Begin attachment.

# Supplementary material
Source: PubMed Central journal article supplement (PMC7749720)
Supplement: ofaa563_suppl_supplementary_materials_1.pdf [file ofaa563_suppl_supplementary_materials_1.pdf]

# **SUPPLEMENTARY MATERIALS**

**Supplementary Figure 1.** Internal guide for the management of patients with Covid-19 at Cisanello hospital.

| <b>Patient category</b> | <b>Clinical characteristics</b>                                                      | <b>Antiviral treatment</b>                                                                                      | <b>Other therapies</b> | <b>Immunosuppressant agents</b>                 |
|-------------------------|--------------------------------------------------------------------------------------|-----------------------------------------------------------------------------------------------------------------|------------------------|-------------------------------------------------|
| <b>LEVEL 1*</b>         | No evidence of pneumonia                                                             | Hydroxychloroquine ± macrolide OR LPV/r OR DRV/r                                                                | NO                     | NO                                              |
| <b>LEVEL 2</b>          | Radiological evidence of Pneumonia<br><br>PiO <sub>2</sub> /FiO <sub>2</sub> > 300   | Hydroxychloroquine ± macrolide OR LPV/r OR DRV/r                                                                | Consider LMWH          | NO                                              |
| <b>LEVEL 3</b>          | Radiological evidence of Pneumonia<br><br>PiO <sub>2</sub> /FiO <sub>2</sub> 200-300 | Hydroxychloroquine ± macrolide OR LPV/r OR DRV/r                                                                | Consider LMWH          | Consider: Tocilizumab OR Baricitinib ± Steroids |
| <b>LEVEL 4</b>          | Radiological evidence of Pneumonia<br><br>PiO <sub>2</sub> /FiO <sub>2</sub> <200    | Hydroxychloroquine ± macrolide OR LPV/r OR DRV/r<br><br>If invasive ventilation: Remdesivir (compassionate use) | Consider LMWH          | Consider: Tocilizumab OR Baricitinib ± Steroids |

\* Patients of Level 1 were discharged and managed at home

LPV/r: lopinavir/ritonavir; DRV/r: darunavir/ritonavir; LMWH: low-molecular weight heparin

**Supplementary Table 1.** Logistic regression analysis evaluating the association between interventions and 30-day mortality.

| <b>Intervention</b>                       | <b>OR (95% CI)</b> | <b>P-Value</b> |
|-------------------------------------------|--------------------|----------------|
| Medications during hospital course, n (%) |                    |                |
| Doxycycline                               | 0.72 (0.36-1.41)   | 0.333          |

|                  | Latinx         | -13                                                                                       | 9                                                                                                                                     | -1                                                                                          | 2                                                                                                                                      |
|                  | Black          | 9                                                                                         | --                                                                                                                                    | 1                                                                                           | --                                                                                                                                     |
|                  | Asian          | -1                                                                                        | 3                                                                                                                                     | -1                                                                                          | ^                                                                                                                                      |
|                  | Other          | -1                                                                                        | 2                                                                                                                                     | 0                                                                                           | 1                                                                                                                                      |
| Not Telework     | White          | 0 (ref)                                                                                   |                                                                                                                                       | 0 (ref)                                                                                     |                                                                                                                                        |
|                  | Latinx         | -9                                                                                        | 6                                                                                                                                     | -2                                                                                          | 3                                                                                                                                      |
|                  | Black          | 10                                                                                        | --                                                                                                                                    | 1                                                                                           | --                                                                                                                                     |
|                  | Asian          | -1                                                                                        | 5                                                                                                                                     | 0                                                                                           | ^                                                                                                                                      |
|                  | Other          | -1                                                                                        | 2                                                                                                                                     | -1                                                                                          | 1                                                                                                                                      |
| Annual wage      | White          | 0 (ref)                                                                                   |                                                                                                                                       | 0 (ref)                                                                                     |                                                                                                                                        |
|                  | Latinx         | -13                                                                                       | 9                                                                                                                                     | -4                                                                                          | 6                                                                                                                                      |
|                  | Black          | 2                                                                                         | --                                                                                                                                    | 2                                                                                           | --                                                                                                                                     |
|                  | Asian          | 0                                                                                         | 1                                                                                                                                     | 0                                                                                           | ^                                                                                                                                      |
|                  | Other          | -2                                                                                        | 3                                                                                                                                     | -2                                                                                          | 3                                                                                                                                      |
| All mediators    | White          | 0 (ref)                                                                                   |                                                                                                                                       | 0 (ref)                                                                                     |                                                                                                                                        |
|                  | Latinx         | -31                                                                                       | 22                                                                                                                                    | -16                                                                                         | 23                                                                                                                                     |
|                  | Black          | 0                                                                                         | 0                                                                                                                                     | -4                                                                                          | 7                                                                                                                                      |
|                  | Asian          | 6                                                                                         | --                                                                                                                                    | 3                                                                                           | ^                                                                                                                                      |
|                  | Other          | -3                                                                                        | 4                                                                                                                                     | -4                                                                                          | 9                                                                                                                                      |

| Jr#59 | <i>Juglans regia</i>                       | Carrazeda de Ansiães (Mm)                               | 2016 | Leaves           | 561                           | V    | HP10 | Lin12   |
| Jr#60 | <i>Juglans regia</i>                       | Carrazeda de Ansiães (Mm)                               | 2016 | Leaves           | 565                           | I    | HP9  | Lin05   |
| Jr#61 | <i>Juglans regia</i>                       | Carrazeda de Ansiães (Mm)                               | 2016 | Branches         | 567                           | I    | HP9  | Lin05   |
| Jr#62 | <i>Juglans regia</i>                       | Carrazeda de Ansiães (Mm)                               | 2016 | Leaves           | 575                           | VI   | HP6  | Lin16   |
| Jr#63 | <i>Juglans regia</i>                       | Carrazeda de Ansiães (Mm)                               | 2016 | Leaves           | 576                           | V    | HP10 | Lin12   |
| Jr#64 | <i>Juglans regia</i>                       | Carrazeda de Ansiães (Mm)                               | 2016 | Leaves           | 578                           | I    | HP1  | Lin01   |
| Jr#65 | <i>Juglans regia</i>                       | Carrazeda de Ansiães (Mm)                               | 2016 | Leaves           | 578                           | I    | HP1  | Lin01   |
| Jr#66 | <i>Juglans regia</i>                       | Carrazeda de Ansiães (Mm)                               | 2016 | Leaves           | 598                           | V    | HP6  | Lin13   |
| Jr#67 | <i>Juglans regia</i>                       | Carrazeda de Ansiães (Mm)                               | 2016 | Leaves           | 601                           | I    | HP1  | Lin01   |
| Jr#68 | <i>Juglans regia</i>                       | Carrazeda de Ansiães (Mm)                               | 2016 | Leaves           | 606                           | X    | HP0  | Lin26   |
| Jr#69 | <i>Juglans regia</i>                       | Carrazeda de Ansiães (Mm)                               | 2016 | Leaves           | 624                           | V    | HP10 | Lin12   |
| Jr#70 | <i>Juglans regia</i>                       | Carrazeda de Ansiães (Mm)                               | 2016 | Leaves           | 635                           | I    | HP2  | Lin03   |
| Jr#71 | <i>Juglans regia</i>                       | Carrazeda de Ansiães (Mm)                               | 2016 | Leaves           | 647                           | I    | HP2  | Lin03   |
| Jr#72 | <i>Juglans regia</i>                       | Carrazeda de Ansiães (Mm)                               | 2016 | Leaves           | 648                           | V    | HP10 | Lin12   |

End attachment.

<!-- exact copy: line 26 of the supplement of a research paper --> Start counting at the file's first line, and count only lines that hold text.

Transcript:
|                  | Asian          | -1                                                                                        | 5                                                                                                                                     | 0                                                                                           | ^                                                                                                                                      |